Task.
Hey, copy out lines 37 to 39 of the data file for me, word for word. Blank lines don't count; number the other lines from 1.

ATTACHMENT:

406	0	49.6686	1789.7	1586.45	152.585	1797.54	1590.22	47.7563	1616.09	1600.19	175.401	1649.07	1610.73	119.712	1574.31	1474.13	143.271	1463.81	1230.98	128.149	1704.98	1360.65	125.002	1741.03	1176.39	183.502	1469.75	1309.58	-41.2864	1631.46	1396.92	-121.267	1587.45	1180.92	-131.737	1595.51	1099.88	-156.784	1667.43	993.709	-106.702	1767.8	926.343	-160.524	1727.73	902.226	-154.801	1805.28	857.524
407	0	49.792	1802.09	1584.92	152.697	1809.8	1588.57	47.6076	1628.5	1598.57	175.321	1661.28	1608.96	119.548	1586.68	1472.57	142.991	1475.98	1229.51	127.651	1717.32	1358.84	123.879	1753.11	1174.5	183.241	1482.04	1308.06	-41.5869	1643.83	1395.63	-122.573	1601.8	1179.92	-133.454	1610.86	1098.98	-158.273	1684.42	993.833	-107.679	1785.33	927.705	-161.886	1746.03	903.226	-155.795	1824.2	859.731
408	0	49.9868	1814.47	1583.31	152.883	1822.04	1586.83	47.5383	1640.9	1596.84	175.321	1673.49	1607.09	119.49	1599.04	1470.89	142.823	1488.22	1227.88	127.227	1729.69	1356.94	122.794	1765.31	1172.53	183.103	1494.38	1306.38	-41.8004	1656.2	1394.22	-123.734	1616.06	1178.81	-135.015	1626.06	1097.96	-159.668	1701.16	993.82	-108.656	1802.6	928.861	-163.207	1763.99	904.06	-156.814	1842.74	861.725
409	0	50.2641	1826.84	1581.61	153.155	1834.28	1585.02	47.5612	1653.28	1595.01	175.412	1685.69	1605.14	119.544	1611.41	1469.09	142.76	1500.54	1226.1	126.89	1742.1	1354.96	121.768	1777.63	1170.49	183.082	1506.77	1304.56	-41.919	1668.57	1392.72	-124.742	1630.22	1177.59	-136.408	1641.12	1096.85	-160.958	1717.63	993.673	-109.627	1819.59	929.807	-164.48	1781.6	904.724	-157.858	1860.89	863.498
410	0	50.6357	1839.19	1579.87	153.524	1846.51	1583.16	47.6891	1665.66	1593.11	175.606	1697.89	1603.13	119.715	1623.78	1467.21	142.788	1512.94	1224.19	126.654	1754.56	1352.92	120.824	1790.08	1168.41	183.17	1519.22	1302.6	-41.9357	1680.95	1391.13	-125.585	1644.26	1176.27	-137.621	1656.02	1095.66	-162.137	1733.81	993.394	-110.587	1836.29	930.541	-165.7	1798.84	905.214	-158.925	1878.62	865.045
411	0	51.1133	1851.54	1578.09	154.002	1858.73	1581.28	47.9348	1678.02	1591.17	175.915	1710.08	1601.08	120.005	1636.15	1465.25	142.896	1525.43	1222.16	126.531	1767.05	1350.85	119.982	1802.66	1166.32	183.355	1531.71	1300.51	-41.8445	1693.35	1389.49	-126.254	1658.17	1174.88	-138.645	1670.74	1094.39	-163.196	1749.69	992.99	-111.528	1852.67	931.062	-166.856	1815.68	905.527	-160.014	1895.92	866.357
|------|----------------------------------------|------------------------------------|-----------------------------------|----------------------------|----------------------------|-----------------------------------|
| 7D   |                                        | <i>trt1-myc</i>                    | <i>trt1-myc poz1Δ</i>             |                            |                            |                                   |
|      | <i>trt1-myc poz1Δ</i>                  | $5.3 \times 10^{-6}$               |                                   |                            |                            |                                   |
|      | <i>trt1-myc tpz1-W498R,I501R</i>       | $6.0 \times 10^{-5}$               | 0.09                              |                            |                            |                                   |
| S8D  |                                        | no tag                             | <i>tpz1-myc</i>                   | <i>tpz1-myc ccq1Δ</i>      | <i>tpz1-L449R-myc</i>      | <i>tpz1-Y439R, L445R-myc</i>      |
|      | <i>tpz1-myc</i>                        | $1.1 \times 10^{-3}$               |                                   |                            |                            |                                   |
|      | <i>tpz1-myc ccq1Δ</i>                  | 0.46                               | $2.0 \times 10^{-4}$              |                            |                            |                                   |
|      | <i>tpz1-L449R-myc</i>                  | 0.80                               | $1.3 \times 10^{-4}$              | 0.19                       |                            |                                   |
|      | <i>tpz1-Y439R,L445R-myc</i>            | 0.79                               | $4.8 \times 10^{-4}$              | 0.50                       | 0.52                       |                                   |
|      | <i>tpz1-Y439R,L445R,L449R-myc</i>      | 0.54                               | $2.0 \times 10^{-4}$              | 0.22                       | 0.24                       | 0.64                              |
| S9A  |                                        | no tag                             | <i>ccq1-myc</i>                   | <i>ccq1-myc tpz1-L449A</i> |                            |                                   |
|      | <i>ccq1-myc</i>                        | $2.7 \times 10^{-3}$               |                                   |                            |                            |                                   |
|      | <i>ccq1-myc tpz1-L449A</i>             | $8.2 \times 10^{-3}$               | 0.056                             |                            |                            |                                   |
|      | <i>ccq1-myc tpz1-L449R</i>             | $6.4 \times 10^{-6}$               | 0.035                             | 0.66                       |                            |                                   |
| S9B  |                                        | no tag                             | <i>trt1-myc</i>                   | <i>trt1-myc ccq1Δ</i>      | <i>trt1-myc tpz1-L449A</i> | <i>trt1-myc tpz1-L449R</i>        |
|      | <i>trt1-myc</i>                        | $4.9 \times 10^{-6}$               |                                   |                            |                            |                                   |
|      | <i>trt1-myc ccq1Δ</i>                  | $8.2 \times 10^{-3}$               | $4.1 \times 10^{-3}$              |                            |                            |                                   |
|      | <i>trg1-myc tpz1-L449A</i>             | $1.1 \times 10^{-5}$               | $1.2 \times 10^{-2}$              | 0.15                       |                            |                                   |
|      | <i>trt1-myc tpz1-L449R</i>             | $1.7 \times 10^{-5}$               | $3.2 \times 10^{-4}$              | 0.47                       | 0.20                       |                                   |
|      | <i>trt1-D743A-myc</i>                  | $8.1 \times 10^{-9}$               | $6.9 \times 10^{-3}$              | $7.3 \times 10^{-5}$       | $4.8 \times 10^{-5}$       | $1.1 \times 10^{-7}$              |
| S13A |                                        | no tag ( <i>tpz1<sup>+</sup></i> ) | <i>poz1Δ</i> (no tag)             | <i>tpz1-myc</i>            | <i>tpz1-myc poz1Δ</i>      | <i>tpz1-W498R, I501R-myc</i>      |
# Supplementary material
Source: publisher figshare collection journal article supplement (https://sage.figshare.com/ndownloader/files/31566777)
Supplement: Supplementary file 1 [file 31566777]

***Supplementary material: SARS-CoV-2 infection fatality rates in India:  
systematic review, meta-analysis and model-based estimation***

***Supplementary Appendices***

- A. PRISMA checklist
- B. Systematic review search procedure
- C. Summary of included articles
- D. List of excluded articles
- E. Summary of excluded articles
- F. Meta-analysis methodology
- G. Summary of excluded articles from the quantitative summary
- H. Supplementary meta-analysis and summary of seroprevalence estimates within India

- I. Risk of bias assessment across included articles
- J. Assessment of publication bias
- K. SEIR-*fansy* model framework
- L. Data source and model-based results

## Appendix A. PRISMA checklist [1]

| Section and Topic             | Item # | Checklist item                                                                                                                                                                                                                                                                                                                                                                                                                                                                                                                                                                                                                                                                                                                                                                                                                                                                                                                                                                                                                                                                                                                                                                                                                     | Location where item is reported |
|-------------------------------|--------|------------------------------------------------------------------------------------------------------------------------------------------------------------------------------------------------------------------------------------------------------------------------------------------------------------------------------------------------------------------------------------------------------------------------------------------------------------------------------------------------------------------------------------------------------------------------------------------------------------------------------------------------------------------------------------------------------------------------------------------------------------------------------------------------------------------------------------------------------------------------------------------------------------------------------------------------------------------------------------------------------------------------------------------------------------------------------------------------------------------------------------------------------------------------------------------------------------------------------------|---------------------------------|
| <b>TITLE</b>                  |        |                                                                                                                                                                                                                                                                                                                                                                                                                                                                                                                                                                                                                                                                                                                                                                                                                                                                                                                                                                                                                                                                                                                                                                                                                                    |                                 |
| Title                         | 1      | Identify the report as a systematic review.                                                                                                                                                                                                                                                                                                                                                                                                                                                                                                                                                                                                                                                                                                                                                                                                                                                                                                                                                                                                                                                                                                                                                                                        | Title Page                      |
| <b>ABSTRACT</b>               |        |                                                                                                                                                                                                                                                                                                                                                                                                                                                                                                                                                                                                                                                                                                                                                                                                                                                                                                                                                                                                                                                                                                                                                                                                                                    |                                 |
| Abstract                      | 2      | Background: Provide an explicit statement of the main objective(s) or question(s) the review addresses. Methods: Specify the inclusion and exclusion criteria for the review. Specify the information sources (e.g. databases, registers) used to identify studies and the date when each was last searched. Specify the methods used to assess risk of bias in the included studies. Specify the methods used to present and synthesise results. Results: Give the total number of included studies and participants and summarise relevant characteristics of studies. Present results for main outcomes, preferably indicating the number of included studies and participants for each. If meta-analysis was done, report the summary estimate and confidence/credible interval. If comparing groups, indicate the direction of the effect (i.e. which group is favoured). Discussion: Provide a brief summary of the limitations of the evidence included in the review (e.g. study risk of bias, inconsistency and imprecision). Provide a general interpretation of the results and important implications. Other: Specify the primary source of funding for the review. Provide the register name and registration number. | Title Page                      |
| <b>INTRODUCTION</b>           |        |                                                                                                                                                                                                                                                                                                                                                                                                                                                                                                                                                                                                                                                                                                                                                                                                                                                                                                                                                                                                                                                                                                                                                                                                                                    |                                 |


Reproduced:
- D. List of excluded articles
- E. Summary of excluded articles
- F. Meta-analysis methodology